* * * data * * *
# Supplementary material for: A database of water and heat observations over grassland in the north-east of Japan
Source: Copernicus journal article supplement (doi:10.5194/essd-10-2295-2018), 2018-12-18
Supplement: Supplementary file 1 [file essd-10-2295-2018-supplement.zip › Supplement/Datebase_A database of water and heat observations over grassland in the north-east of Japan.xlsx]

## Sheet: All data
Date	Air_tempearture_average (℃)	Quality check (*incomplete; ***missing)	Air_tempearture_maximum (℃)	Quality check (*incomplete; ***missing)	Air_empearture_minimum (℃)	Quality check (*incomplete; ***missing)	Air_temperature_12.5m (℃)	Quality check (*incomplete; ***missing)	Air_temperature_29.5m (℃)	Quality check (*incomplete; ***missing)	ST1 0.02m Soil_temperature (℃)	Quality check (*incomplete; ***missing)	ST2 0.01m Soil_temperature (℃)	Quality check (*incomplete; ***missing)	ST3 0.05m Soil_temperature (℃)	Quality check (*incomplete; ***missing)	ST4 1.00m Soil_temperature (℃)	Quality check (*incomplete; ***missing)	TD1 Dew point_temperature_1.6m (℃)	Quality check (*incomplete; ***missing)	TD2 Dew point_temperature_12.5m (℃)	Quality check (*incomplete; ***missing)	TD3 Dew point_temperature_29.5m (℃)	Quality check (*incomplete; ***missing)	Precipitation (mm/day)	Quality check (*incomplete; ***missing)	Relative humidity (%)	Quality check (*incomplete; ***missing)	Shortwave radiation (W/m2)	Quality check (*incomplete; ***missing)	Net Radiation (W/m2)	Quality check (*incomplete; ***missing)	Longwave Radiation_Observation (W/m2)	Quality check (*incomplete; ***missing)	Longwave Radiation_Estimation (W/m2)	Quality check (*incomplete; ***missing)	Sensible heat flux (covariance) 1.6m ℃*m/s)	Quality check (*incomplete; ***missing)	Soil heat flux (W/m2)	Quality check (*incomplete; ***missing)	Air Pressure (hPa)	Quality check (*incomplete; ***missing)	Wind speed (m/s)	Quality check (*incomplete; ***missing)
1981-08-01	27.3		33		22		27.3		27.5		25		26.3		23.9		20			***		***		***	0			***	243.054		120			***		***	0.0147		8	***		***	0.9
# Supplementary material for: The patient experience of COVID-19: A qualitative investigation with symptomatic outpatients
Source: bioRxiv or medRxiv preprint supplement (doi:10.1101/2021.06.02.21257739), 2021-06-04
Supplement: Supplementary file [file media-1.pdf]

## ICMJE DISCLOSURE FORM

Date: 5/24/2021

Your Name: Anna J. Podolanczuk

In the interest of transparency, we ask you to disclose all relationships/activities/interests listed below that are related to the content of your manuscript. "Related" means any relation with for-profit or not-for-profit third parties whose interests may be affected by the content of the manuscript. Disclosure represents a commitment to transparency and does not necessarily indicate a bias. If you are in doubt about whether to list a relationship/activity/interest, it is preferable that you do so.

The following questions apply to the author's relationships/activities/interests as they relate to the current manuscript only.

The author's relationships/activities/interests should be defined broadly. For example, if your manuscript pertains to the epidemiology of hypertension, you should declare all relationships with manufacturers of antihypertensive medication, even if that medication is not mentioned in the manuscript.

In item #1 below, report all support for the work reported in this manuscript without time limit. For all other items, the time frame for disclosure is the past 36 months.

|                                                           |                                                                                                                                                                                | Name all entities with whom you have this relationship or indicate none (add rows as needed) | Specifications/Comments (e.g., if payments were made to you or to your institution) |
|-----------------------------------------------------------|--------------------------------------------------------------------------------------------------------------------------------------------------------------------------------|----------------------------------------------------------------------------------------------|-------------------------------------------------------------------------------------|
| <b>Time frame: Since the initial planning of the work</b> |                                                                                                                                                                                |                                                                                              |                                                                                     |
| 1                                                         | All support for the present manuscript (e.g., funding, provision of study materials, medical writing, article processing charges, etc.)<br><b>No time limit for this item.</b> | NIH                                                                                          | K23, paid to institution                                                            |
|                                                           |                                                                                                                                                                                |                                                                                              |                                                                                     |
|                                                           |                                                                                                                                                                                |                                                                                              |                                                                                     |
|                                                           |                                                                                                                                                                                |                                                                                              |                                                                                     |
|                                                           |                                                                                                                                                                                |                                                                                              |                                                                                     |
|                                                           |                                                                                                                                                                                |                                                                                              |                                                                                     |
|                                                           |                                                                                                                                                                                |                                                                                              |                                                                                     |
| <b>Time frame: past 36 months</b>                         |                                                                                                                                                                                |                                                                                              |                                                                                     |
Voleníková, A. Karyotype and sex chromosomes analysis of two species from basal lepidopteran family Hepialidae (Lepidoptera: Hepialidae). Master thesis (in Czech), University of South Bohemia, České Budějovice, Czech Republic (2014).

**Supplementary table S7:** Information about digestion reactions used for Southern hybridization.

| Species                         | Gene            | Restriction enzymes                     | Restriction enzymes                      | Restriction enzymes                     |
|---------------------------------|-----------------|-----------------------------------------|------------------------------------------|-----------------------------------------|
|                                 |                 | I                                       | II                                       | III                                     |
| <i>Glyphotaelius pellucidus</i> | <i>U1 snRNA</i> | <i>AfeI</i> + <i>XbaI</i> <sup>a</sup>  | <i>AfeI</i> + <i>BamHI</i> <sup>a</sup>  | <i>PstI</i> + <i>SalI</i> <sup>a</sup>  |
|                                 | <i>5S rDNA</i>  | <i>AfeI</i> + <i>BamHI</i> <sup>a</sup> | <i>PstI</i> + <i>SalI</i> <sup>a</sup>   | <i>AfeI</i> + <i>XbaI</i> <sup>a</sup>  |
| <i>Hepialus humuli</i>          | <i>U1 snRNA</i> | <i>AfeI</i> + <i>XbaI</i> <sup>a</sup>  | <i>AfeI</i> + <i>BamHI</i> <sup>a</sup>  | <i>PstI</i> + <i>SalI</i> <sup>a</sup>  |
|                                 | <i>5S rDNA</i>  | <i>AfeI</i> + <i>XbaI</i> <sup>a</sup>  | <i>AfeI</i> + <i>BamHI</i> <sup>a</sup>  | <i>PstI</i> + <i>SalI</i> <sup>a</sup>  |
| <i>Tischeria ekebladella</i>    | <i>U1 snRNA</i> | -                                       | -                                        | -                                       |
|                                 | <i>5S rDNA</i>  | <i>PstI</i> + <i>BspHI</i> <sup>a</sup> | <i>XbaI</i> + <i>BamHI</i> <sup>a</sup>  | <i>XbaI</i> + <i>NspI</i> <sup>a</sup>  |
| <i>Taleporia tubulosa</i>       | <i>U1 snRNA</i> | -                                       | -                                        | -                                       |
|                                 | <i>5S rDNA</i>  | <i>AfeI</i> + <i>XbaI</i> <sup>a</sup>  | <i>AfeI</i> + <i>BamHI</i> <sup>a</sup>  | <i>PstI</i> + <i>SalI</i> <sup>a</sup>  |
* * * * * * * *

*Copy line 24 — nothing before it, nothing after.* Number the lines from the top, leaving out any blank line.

|                                                           |                                                                                                                                                                                |                                                                                              |                                                                                     |